This book did not unfold as I expected. I expected a dreamy, touchy-feely type of book. Instead, the author has a wonderfully sly sense of humor that kept me laughing. Part one starts off with the Narrator imperiously deciding within the first two paragraphs to change the character's name from Mary (after the Virgin Mary) to Evita because, unlike the Virgin Mary, Mary has unholy and uncharitable thoughts. Part two starts out with this fantastic, funny paragraph
"In a bid to take responsibility and control of my destiny, I had to sack the narrator, a cold and callous affair that only a brave fighting warrior could do… So, the narrator, with the knowledge that she is redundant safely withheld from her, is probably still sitting at her desk waiting to continue the story, hoping that the writer's block will come to an end."
There are four main parts to the book. Part one is in the Narrator's voice and describes the first character, Evita. It also introduces the symbol of dreams, an elusive African Dancer. Evita impulsively quits her job and takes a journey to follow her dream. Part two is in Evita's voice. She discusses her journey to follow her dream but also touches on her past family interactions with her adoptive mother, Sheila and adoptive father, Bali. The book jumps around a little bit; in the first half of the book it was a little difficult to concentrate and fully get involved in Evita's story. The author jumps directly into Evita's story in the beginning and I spent some of my time trying to figure out where the story was going and why it was going in that particular direction.
The book, in my opinion, shines during Part Three and Part Four.
Part Three tells Sheila's story starting as a wild child with dreams and passions. Sheila discusses honestly and poignantly her dreams and desires for her future (to travel, to study, to write, to fight for women's rights) and how they were put aside for duty and obligation (marriage to Dr. Bali). She takes on the responsibility for her lost dreams and desires and candidly admits to being accountable for the paths that her life takes - the slow disintegration of her marriage, the bitter, empty friendships continued through habit. The loss of her child, stillborn, creates a chasm between herself and her husband. The chasm is exacerbated when Sheila accidentally learns of her husband's previous wife and child both of whom died during childbirth. The silences, the inability to communicate drive Sheila and Bali further apart until they live together but separate lives. Evita, whose real name it turns out is Molu (you learn to just flow with the name changes and event changes), comes into Sheila's life as a young girl whose parents were tragically killed. Sheila describes the maternal desires to be do the best for her and her internal struggle between letting/helping Molu fly with her dreams or to keep Molu's feet firmly planted in the ground so that she isn't hurt. She initially feels that "to let the spirit grow uncontrollably is to send it to a difficult place where the unexpected boundaries of reality are too painful. I thought it would be best to set her in the discipline and the sanctity of culture that would keep her safe. It is the common ground of conformity and security - what has always been." It isn't until much later that she realizes her power to let Molu fly free and try to achieve her goals, realizing that she can not keep her safe from the fear and disappointment that is part of human life. It is at that moment that she also sets herself free to start following her own dreams.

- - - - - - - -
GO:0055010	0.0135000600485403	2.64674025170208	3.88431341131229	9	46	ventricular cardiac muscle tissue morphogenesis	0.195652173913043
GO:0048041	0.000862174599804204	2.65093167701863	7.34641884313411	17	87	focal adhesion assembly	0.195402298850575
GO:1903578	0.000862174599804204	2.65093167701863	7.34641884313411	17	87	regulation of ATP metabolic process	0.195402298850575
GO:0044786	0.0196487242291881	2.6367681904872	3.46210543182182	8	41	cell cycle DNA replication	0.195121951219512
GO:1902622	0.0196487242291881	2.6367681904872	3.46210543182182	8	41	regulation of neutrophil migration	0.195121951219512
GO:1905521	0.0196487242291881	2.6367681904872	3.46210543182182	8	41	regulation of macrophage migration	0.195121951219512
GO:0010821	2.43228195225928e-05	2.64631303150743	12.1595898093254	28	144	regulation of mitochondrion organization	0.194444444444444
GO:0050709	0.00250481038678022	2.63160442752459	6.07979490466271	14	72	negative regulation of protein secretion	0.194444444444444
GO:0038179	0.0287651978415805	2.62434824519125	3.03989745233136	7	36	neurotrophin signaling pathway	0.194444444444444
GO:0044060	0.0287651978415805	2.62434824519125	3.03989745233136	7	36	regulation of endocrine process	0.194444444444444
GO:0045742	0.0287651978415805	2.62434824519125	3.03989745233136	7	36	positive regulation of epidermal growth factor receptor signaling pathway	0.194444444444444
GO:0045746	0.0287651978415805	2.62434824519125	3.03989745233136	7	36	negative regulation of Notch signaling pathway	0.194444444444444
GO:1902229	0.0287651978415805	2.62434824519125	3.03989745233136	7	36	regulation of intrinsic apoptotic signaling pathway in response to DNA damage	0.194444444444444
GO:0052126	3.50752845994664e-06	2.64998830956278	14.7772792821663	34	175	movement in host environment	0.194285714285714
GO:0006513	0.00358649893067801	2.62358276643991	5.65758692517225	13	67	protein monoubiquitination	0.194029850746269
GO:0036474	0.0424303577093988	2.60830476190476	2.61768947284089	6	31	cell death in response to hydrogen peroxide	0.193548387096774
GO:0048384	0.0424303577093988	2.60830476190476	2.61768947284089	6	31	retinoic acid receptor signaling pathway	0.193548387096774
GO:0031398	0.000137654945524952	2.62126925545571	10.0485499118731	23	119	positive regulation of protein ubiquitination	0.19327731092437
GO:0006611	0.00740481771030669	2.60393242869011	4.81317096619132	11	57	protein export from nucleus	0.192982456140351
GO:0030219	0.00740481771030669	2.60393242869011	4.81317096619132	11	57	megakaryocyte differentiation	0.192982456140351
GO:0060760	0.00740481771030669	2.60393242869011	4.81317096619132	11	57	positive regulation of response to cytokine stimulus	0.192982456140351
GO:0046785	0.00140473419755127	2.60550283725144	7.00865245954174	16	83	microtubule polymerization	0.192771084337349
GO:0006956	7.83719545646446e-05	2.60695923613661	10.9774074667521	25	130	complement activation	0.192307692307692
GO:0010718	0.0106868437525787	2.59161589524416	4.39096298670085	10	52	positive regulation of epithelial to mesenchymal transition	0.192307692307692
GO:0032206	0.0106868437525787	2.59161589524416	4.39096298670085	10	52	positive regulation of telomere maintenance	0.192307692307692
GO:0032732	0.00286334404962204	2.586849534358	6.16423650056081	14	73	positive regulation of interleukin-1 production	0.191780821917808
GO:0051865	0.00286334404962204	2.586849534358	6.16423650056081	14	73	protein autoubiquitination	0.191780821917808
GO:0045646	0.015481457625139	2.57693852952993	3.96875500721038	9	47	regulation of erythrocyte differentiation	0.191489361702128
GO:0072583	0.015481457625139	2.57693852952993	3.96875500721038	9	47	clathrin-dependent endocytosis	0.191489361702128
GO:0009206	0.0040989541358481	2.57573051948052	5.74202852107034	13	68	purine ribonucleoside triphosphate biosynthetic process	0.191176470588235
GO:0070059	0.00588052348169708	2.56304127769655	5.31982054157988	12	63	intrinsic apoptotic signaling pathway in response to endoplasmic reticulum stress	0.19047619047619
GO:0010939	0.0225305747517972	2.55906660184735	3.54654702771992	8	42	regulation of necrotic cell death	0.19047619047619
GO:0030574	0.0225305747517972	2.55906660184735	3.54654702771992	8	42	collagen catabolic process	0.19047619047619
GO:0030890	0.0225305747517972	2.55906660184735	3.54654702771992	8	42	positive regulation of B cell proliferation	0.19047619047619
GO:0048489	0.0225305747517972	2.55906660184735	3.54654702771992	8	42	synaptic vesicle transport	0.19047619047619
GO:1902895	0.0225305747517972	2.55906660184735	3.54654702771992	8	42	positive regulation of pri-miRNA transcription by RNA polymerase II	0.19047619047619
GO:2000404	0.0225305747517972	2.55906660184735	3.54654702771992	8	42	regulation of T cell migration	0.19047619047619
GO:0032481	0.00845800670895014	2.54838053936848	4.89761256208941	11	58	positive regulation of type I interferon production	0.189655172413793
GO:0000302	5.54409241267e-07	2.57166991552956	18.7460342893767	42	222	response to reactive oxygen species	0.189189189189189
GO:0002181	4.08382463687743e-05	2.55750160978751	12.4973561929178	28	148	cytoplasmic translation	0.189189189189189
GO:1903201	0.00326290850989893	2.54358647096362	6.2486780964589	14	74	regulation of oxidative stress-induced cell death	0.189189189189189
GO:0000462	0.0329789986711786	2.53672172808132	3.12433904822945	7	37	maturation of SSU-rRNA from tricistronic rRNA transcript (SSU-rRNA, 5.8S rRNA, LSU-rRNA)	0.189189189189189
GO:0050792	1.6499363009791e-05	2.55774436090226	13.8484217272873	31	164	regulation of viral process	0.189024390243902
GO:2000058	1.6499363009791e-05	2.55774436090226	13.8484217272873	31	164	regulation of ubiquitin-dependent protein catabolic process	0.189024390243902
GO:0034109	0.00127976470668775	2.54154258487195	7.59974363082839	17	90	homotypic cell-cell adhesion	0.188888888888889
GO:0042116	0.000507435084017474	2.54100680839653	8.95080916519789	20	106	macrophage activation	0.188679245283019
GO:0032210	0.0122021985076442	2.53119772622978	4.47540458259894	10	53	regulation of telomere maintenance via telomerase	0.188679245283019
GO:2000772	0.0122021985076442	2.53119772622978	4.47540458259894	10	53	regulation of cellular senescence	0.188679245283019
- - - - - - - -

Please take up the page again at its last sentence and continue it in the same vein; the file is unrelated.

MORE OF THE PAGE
Part Four is in Bali's voice. He is Sheila's husband and Molu's (nee Evita, nee Mary) adoptive father. His story starts with his childhood in South West India. He speaks a little about his dreams and his passions. Mostly he discusses his life (much of which is discussed in Evita and Sheila's narrations). He only sees the African Dancer (the symbol of dreams) twice -- once before running away with his beloved first wife and second, near the end of his narration. He has a different perspective on events that occurred and there are surprises along the way as he divulges information about the family structure and interaction.
The ending of this book was a little pat - but I think that was the narrator's intention. The belief that one should follow his/her dreams to fruition is the main theme running through the book and it is fitting that Evita, Sheila and Bali's dreams come true.
Although there is repetition in the book, it served to enhance the story rather than detract from it. Each character's point of view enveils a side of the story, causing the reader to reinterpret and reanalyze what was previously read. The character's narrative jump from subject matter to subject matter with some of the chapters being a mere page long. Yet somehow they interconnect and create a smooth rich storyline. While Gypsy Masala has a simple theme (follow your dreams), the characters and their stories are layered and complex and come alive through her writing.
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